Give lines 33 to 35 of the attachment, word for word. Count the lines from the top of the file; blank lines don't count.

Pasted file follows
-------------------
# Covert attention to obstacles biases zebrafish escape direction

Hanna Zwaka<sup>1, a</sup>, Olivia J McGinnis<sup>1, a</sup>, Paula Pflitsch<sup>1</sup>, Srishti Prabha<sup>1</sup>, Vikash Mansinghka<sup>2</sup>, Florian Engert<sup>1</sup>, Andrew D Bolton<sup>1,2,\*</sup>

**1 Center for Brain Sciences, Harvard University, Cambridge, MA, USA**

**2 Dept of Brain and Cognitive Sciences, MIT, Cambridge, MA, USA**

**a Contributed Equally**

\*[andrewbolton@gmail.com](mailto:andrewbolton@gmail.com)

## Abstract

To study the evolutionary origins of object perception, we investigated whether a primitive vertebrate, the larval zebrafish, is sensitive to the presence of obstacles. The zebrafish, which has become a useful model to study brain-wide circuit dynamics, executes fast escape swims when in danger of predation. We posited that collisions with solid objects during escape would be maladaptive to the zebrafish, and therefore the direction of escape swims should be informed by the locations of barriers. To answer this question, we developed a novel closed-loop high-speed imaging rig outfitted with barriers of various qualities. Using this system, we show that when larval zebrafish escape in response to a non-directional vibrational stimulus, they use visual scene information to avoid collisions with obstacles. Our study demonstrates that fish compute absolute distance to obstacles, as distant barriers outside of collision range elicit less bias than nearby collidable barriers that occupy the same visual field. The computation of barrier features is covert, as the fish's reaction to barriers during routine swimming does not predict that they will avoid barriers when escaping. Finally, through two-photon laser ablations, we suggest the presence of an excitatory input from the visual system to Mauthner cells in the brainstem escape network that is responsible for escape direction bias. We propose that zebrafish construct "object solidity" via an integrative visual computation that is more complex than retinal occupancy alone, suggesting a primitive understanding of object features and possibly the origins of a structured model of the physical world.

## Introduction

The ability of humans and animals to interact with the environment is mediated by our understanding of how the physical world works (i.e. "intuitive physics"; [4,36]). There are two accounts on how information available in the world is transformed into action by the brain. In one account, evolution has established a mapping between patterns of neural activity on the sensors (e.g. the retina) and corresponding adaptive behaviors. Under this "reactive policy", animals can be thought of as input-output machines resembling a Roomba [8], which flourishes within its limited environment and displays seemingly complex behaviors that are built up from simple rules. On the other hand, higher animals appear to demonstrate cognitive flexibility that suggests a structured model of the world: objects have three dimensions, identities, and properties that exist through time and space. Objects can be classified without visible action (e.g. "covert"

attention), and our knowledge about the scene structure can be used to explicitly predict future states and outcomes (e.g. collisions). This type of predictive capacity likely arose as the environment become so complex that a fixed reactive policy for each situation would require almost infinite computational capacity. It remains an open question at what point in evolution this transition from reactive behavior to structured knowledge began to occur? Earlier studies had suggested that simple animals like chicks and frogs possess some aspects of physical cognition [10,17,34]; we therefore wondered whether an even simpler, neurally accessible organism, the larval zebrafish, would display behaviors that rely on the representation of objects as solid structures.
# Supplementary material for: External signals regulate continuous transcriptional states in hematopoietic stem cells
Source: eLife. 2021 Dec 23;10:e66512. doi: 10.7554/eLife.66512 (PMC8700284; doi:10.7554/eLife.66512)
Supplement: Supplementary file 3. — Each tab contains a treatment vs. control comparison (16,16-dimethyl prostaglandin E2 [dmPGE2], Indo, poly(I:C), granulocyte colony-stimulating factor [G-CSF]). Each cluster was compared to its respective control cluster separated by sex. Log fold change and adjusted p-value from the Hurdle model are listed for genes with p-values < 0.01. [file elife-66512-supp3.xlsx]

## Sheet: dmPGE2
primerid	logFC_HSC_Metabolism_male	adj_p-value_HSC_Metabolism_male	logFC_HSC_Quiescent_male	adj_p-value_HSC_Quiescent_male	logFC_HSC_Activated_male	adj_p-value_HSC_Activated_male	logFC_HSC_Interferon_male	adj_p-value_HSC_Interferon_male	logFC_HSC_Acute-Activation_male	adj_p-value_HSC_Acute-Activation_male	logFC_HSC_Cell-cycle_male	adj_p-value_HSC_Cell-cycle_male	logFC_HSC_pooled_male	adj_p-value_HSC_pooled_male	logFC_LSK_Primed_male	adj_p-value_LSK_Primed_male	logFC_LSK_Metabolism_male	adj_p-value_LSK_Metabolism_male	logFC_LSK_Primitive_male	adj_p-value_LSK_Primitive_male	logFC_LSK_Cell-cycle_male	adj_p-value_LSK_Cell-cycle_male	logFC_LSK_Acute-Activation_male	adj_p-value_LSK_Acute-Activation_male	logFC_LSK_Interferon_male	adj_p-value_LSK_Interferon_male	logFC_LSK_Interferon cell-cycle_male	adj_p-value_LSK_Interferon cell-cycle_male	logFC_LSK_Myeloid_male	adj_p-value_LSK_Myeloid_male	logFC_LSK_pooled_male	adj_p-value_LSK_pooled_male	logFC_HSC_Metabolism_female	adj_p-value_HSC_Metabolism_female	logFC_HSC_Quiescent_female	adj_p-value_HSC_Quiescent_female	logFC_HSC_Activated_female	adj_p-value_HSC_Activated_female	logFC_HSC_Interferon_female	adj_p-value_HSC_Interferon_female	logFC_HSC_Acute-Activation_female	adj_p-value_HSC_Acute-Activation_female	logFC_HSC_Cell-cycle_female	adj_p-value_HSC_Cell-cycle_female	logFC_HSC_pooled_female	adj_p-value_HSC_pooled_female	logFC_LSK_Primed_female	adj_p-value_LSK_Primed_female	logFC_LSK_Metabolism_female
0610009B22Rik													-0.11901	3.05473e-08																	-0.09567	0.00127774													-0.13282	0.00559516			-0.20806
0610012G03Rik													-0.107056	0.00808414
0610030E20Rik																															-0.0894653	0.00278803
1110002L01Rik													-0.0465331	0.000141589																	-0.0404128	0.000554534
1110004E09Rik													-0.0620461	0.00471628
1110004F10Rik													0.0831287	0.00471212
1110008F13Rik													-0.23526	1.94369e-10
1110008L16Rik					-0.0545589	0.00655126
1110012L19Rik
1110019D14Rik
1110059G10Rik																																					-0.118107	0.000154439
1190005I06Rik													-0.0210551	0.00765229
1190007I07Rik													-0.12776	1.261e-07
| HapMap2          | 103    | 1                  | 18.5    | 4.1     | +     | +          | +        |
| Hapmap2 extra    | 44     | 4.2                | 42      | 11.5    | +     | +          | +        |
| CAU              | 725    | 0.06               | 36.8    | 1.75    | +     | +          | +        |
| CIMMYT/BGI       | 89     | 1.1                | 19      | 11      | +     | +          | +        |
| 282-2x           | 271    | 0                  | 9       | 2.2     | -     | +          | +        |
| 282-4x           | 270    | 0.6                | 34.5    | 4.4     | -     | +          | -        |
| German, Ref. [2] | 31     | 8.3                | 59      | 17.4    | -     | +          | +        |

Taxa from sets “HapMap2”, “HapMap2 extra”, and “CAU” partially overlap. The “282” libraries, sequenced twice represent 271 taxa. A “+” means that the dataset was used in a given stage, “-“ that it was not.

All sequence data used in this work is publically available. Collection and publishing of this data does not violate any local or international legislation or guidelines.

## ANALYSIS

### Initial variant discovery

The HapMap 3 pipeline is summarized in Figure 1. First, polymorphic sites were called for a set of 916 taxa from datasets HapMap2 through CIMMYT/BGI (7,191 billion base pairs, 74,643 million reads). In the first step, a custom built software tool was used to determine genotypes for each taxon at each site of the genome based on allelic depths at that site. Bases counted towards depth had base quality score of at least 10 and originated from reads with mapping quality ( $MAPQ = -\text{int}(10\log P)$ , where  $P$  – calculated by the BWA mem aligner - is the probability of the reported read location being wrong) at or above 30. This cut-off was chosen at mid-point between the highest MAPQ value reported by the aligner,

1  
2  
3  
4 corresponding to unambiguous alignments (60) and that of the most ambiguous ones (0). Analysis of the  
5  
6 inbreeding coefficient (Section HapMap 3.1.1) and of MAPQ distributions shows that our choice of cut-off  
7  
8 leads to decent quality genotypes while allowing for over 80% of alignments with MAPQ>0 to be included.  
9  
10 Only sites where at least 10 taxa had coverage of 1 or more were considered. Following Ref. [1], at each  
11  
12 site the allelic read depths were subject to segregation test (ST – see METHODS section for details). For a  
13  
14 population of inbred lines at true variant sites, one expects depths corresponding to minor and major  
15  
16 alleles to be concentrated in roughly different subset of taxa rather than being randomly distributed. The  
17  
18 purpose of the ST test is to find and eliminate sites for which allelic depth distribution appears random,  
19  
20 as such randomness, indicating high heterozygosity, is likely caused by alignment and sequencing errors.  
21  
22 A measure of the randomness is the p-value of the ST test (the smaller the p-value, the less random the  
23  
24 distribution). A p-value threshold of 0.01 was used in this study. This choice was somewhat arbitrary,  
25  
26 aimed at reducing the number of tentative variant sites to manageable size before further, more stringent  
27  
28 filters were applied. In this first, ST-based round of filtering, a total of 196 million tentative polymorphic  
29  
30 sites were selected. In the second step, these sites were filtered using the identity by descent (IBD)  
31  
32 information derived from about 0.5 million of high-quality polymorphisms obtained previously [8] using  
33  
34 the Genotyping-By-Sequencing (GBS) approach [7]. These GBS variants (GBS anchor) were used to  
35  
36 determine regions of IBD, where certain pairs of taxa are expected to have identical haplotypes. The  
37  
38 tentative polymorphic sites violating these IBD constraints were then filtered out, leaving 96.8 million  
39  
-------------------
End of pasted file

| CIMMYT/BGI       | 89     | 1.1                | 19      | 11      | +     | +          | +        |
| 282-2x           | 271    | 0                  | 9       | 2.2     | -     | +          | +        |
| 282-4x           | 270    | 0.6                | 34.5    | 4.4     | -     | +          | -        |